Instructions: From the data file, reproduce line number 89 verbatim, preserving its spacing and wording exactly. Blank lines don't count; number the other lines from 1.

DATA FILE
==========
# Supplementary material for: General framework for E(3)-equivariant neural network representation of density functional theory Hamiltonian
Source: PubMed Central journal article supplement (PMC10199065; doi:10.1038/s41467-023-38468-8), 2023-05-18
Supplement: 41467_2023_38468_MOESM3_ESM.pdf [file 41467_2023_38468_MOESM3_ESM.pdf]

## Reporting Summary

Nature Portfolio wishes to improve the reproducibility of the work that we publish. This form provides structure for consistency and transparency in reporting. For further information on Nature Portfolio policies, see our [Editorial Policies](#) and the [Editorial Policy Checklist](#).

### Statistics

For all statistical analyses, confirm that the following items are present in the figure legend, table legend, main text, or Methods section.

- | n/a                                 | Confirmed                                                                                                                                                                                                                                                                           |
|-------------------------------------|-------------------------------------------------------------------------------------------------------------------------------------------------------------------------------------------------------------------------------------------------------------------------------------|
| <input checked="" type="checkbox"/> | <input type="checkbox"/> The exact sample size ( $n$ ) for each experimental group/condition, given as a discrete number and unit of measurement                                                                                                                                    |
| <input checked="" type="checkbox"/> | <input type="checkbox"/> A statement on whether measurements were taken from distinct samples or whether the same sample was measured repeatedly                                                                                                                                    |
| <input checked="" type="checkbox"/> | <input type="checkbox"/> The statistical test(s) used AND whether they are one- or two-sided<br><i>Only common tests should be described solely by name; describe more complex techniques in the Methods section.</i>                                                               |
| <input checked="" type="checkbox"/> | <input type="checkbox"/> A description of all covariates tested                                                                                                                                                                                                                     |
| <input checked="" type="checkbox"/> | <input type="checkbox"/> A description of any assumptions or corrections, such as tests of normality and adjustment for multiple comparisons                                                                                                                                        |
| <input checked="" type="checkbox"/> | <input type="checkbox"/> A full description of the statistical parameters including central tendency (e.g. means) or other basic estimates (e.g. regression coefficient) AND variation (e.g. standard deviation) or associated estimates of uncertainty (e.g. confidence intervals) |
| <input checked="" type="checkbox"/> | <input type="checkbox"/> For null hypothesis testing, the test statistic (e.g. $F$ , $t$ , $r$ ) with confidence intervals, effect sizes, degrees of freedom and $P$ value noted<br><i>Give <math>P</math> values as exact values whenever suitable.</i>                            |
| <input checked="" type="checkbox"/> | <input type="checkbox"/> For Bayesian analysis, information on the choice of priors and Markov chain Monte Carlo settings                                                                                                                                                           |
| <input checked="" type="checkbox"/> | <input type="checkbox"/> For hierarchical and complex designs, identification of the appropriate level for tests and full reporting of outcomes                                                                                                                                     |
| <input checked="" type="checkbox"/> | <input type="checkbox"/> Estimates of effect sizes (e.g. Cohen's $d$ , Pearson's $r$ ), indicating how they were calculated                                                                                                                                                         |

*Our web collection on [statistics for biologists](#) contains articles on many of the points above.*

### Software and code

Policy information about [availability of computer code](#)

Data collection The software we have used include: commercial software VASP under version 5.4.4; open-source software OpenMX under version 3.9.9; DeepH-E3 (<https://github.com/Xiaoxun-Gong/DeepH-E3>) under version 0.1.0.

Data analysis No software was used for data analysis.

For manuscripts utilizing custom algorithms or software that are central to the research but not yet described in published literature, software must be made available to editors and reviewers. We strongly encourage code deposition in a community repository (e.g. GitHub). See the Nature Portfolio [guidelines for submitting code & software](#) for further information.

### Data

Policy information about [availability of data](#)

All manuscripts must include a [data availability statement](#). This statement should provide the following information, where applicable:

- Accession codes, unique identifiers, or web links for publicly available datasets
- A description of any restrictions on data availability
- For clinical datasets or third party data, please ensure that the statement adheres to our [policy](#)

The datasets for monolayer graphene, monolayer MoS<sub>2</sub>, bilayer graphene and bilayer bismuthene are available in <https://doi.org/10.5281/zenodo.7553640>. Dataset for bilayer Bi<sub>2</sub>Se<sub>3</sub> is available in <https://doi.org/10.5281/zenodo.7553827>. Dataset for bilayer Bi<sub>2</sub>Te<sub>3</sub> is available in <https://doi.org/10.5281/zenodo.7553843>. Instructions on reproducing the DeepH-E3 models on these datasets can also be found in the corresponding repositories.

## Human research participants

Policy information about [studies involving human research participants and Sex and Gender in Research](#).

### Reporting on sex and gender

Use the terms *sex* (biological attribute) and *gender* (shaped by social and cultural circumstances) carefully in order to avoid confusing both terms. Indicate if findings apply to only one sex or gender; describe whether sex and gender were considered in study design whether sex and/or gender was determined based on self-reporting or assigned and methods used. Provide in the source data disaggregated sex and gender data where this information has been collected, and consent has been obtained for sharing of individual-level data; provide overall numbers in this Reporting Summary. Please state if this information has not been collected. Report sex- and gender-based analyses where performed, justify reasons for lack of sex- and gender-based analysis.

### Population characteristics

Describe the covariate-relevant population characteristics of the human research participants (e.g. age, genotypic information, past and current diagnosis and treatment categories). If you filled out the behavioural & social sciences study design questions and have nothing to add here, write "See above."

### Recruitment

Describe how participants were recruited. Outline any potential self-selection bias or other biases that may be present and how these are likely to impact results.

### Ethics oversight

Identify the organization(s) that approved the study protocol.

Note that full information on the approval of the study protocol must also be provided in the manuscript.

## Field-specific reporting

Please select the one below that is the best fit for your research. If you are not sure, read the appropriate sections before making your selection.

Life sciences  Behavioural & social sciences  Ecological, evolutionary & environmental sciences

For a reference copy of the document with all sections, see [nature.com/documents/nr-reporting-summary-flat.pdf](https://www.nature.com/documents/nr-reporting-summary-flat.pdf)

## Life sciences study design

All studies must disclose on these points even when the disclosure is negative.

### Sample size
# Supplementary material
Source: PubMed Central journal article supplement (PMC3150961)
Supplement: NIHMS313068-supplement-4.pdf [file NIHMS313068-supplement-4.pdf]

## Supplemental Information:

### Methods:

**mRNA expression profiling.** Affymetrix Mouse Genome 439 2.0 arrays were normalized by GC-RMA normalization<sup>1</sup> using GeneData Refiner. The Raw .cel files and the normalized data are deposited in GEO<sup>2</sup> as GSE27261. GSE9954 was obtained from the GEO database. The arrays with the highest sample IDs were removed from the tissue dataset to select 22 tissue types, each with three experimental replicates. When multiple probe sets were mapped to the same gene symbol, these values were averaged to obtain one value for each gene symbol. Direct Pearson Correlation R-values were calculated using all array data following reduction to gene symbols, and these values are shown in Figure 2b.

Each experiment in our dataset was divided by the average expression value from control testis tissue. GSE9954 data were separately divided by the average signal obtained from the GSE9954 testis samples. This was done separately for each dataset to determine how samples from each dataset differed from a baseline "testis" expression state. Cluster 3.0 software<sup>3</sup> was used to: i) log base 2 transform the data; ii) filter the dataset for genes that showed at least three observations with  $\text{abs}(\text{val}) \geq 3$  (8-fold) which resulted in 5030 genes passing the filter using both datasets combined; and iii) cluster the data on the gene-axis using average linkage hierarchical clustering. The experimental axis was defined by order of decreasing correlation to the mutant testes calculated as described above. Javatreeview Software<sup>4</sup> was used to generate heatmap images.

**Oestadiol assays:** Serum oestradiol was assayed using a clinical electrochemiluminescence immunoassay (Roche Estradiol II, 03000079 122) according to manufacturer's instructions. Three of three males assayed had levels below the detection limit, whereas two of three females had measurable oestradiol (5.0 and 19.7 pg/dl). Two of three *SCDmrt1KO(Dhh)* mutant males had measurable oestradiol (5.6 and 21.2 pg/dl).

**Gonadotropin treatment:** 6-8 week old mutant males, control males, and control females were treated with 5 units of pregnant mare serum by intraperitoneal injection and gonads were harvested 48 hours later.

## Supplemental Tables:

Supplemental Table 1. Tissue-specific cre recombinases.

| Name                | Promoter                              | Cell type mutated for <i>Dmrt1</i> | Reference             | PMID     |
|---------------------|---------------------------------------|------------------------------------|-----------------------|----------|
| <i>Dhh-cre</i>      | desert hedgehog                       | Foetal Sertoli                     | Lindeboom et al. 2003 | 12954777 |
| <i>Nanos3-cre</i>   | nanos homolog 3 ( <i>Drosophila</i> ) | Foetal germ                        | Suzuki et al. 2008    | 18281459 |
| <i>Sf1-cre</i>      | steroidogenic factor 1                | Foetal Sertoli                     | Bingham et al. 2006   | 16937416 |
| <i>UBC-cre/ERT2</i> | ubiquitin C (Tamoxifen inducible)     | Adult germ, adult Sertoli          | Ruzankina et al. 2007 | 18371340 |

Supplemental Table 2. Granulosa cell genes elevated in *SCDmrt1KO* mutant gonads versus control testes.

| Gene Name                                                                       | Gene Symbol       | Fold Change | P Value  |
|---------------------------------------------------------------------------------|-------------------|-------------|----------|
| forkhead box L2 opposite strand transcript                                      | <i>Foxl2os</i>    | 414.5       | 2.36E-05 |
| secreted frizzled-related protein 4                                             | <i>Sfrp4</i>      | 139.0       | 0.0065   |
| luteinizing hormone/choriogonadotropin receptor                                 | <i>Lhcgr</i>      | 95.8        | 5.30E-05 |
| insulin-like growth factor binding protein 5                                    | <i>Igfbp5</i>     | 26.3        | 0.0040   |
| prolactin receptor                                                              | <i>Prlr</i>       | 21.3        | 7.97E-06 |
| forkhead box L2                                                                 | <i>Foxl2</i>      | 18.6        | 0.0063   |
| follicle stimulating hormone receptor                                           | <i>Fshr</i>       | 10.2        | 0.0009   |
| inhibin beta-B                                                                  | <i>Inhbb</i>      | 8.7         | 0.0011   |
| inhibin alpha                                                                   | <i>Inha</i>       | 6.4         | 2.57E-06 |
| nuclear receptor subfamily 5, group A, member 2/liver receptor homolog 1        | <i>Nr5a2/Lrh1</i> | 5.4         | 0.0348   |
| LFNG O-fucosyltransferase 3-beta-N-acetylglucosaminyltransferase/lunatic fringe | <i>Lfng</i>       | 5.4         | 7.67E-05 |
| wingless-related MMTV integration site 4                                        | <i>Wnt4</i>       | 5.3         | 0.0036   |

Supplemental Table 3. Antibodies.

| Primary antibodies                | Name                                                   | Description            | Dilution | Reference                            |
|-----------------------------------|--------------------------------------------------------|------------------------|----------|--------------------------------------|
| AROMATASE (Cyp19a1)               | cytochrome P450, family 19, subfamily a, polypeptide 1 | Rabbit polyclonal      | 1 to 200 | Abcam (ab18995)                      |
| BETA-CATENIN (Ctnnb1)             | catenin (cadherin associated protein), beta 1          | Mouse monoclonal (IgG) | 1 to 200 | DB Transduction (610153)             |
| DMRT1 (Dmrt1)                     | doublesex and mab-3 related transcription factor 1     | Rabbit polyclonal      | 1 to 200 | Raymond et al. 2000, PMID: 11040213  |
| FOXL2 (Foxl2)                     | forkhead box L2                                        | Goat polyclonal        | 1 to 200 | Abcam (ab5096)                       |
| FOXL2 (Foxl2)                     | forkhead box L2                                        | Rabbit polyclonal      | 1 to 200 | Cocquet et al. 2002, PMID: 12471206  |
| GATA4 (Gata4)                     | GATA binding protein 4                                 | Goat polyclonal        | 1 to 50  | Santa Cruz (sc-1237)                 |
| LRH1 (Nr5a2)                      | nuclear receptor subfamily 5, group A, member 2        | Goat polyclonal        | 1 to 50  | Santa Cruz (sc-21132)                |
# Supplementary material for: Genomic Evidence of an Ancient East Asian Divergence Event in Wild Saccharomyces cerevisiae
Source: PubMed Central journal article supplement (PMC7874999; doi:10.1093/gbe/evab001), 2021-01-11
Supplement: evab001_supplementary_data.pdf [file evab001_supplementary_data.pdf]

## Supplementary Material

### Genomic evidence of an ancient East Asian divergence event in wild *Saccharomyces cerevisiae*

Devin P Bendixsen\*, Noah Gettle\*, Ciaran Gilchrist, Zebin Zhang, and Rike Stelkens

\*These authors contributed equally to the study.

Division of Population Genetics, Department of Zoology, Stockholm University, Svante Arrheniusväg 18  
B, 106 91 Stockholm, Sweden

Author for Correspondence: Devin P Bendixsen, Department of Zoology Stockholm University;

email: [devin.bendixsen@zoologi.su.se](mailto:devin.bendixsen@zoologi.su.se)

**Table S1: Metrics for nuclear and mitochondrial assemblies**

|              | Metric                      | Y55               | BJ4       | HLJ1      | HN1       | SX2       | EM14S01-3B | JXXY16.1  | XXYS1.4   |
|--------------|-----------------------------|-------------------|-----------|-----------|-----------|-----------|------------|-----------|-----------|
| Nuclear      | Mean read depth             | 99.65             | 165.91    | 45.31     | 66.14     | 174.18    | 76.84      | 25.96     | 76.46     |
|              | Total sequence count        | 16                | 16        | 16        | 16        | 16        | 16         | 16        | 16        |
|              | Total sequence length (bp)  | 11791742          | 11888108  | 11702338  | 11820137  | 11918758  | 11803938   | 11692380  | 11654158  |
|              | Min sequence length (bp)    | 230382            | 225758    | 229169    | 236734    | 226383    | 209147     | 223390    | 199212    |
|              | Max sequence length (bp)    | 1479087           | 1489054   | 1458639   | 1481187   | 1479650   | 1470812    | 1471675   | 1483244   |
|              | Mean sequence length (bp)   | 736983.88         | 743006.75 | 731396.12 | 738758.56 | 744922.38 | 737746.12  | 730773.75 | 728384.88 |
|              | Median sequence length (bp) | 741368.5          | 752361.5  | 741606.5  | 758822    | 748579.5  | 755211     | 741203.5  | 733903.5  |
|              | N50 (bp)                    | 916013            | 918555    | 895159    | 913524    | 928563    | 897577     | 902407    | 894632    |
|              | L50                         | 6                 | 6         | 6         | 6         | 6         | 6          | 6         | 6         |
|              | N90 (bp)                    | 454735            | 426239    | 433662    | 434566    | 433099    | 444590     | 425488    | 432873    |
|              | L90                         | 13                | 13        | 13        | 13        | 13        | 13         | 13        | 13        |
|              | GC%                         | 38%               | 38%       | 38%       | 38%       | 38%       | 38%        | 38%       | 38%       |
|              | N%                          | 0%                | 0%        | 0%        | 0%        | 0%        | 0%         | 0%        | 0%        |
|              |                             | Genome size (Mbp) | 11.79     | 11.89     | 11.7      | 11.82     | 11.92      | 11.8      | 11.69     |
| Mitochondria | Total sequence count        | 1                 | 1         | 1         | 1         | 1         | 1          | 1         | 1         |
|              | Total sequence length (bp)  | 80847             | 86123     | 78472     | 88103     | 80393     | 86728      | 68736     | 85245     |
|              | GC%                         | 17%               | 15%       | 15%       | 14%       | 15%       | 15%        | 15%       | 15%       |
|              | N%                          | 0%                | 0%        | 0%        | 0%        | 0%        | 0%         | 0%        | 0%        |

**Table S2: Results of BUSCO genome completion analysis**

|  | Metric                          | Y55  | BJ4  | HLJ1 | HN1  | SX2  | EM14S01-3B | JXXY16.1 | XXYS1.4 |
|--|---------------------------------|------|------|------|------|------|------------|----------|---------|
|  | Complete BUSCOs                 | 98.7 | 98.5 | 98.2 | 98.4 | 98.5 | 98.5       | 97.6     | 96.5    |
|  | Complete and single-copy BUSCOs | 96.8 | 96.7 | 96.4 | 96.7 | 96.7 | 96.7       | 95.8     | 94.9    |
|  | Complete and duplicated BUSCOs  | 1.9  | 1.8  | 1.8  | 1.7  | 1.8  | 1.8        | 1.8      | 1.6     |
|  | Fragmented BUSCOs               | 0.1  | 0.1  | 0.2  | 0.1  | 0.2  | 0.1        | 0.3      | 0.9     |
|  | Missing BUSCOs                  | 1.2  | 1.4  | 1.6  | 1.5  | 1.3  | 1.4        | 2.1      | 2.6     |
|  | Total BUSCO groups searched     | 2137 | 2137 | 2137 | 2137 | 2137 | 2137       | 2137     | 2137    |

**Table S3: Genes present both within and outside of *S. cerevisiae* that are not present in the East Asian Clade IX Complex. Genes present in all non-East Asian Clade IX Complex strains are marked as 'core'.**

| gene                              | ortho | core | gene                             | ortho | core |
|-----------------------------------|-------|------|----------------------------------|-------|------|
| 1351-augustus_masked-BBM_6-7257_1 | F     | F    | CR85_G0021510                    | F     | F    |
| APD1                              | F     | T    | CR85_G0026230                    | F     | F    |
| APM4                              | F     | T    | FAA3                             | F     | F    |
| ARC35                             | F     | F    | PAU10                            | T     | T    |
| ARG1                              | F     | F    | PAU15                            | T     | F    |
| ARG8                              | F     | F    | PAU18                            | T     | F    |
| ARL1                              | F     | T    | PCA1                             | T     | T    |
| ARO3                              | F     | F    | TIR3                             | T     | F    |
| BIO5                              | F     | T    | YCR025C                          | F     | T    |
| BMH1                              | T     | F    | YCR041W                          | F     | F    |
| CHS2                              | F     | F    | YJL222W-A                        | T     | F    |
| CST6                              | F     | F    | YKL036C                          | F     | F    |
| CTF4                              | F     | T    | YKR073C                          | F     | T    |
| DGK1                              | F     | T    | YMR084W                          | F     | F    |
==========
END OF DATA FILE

| FOXL2 (Foxl2)                     | forkhead box L2                                        | Goat polyclonal        | 1 to 200 | Abcam (ab5096)                       |